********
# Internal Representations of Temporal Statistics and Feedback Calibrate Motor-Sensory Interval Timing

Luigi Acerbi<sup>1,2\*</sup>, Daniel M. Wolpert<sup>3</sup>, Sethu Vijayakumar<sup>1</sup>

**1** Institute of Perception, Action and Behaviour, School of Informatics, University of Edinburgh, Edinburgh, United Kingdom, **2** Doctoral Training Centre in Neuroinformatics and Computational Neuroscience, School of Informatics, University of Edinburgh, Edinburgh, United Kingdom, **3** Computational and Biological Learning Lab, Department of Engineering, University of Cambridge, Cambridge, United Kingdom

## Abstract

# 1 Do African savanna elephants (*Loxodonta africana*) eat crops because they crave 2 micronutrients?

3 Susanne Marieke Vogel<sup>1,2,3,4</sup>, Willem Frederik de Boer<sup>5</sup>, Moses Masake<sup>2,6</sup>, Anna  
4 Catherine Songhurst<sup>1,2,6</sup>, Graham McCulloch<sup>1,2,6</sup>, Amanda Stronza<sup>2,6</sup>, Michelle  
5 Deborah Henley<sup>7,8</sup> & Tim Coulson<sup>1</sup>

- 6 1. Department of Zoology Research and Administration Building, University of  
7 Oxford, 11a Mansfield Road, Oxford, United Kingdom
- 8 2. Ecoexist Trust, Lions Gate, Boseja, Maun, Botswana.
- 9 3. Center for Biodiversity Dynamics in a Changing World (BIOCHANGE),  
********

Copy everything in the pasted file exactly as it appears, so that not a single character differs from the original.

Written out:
# Internal Representations of Temporal Statistics and Feedback Calibrate Motor-Sensory Interval Timing

Luigi Acerbi<sup>1,2\*</sup>, Daniel M. Wolpert<sup>3</sup>, Sethu Vijayakumar<sup>1</sup>

**1** Institute of Perception, Action and Behaviour, School of Informatics, University of Edinburgh, Edinburgh, United Kingdom, **2** Doctoral Training Centre in Neuroinformatics and Computational Neuroscience, School of Informatics, University of Edinburgh, Edinburgh, United Kingdom, **3** Computational and Biological Learning Lab, Department of Engineering, University of Cambridge, Cambridge, United Kingdom

## Abstract

# 1 Do African savanna elephants (*Loxodonta africana*) eat crops because they crave 2 micronutrients?

3 Susanne Marieke Vogel<sup>1,2,3,4</sup>, Willem Frederik de Boer<sup>5</sup>, Moses Masake<sup>2,6</sup>, Anna  
4 Catherine Songhurst<sup>1,2,6</sup>, Graham McCulloch<sup>1,2,6</sup>, Amanda Stronza<sup>2,6</sup>, Michelle  
5 Deborah Henley<sup>7,8</sup> & Tim Coulson<sup>1</sup>

- 6 1. Department of Zoology Research and Administration Building, University of  
7 Oxford, 11a Mansfield Road, Oxford, United Kingdom
- 8 2. Ecoexist Trust, Lions Gate, Boseja, Maun, Botswana.
- 9 3. Center for Biodiversity Dynamics in a Changing World (BIOCHANGE),  